After 4 days of games against the best teams from across the country, in blazing hot sun, torrential rain, and past-midnight games, the Grey Ducks were the last team standing - 2016 National Champions! This was the first time Minnesota has ever made it to the semi-finals, finals, or championship. I've been hoarse since Sunday night and am just now starting to sound less like a duck myself.
If you're not familiar with Ultimate, or have never seen a game, there are lots of videos on YouTube. It's fast-paced, exciting, athletic, and fun. And, on given day, any team can pull off a major upset and win it all!
Now, I'm back to hiking. But, my tracker is still on its way across the country, strapped to my other son's bicycle. He's gone over 1,000 miles now at BikingDude.com.
The animals along the local trails are so nonchalant about humans, it's scary. This deer couldn't care less that I walked by no more than 15 feet from it. I almost stepped on a rabbit before it decided to saunter, not hop, rocket, dodge, bolt, scurry, or run, but just saunter off the trail. Yesterday, two squirrels chased right across the trail, no more than 3 feet in front of me, just playing games and oblivious to my ominous presence.
People don't feed these animals, but the trail corridor is a nice green space for them and they are just used to humans walking by. Bicyclists also use the trail and I expect to start seeing some 'trailkill' soon as the little critters ignore the danger. Now, if a deer doesn't get out of the way, that will be something interesting!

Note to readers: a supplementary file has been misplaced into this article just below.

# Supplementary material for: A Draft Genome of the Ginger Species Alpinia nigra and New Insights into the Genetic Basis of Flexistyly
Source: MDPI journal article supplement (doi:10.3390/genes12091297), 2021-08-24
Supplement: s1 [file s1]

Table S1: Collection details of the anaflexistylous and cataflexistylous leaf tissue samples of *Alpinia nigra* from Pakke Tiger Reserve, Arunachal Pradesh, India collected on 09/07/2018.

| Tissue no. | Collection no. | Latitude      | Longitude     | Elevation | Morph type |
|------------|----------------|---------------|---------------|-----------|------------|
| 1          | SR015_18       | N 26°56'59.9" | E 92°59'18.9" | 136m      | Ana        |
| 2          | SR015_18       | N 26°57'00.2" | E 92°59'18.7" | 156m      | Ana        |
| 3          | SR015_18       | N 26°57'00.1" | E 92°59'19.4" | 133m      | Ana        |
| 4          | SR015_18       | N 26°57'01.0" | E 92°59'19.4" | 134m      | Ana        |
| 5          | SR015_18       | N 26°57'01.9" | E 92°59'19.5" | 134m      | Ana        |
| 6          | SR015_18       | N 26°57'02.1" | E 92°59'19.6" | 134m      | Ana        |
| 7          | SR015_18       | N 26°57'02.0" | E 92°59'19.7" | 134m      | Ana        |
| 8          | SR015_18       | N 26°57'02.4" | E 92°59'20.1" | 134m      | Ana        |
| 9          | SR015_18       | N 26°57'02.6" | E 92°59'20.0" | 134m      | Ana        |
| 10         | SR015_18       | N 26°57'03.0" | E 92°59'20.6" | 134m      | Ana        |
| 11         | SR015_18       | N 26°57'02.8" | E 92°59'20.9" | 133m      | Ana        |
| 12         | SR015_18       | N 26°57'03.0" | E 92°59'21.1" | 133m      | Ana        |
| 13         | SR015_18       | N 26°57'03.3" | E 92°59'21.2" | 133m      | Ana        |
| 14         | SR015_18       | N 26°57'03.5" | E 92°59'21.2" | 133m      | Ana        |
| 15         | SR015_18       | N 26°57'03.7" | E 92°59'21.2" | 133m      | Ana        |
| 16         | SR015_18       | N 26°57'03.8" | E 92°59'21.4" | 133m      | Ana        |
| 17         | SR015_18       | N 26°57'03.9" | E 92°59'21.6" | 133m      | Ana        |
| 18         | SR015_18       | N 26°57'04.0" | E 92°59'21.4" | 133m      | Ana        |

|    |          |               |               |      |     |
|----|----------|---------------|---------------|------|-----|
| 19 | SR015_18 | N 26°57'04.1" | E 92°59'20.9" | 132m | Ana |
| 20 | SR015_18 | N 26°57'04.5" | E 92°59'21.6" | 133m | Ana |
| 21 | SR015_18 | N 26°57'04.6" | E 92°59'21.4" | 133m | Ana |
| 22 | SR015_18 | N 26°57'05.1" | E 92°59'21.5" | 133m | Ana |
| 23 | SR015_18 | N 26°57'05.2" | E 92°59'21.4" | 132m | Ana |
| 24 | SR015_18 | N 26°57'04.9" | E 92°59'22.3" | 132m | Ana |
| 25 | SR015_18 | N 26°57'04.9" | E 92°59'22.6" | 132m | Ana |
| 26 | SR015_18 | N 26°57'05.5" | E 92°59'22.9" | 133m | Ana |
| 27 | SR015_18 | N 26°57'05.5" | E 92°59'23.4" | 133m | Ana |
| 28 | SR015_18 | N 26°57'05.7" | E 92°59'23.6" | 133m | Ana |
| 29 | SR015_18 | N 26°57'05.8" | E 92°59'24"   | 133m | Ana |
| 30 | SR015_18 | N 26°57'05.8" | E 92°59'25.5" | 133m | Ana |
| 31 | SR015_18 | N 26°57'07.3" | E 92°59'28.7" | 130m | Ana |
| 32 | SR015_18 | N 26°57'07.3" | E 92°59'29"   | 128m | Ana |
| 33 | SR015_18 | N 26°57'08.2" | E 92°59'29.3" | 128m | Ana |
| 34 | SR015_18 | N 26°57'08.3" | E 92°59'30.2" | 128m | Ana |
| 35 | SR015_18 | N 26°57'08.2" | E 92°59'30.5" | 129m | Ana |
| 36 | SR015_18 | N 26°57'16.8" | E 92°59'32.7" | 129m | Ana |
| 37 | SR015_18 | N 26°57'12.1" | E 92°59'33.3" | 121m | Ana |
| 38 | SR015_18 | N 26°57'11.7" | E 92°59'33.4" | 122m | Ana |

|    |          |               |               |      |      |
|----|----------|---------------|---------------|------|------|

This is a great time of year for seeing how many different kinds of animals you can find. I routinely count 10 different kinds every morning.
So, who has the right-of-way when a human, bird, and deer all want the same space? :-)
Keep your eyes and ears open for animals when walking, riding, or driving. The young'uns are growing quickly and exploring away from protective parents, so you might get to see some closer than usual - and maybe too close if you're not careful.
I returned from a week in Texas on Saturday night and headed back on the road on Sunday morning for northern Minnesota. First week was volunteering at a "Camp Noah" project, but this week is just vacation.
Today, I got to hike a new trail at Echo Lake in the Superior National Forest. I explored the trail with two brothers-in-law (any way two guys that each married a different sister of my wife - I think that makes them my brothers-in-law), and we were out for about 90 minutes doing a 5 mile loop route.
This eagle was in a tree along with about a dozen vultures, so I'm not sure if he thought he was a vulture also or what. Other than this, we saw only rabbits on the road and a bit of Moose sign on the trail.